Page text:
‘Beautiful’ Historic Night
It was a beautiful night for “A Beautiful Mind,” but a groundbreaking night for African American performers. Denzel Washington and Halle Berry made Oscar history Sunday by winning best actor and best actress at the 74th Academy Awards at the Kodak Theatre in Hollywood--the event’s new home.
The acting victories virtually eclipsed the winner for best picture, the haunting but factually selective biographical drama “A Beautiful Mind.” The drama about schizophrenic mathematical genius and Nobel laureate John Forbes Nash Jr. also collected awards for supporting actress Jennifer Connelly, adapted screenplay and director, Ron Howard.
But it was Washington and Berry, beaming and, in Berry’s case, sobbing, who gave the record length four-hour-23-minute telecast on ABC its most dramatic moments.
It is the first time in 74 years that two African Americans won Hollywood’s highest award for acting, and Berry became the first African American to win for best actress.Three years ago, she won an Emmy for her portrayal of Dorothy Dandridge, the first African American actress to receive an Oscar nomination in the actress category, nearly a half-century ago.
The 33-year-old actress, a former beauty queen, deglamorized herself for her role in “Monster’s Ball” as a dispirited waitress and mother who falls in love with a white prison guard who she doesn’t know has helped put her husband to death in the electric chair.
“Oh, my God,” Berry said, her mouth agape, almost unable to comprehend the moment as tears streamed down her cheeks.
“I’m sorry,” she said in halting gasps, as she clasped the gold statuette. “This moment is so much bigger than me. This moment is for Dorothy Dandridge, Lena Horne, Diahann Carroll. It’s for the women who stand beside me, Jada Pinkett, Angela Bassett, Vivica Fox, and the nameless, faceless women of color who now stand a chance tonight because the door has been opened. I thank the academy for choosing me to be the vessel ....”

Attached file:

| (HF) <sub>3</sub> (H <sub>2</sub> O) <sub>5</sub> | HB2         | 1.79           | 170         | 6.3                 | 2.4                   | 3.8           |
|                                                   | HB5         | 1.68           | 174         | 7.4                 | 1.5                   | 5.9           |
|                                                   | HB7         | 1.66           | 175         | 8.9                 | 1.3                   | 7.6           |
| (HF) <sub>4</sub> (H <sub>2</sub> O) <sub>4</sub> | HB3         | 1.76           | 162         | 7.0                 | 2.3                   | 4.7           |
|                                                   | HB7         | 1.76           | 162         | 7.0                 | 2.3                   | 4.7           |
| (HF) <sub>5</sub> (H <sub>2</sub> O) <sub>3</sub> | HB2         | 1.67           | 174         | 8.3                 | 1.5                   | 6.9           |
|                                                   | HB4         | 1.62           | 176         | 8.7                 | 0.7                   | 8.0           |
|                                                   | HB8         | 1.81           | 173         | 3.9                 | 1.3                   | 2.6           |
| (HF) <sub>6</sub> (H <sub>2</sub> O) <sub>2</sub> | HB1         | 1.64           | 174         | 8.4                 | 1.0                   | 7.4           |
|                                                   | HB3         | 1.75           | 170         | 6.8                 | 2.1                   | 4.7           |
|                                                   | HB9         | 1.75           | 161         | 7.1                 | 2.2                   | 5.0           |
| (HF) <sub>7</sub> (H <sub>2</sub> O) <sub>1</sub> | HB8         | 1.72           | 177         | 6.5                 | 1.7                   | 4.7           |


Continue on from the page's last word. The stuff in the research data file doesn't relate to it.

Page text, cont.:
In “Training Day,” Washington turned away from the personable, often-heroic characters he has portrayed. His menacing and thoroughly corrupt undercover narcotics cop cruises the mean streets of L.A. in the course of one day with his new charge, played by supporting actor nominee Ethan Hawke.
In a passing of the torch, Sidney Poitier, the first black performer to win best actor for his role in 1963’s “Lilies of the Field,” applauded from the audience as Washington became the first minority actor to win the category in 38 years. Earlier in the evening, Poitier received an honorary Oscar for his five-decade career.
“God is good,” the 47-year-old Washington said. “God is great from the bottom of my heart.” Then acknowledging Poitier, Washington added: “For 40 years, I’ve been chasing Sidney and what do they do? They give it to him the same night.” After the laughter died, the actor said, “I’ll always be following him. There’s nothing I’d rather do.” Washington was named best supporting actor in 1989 for “Glory.”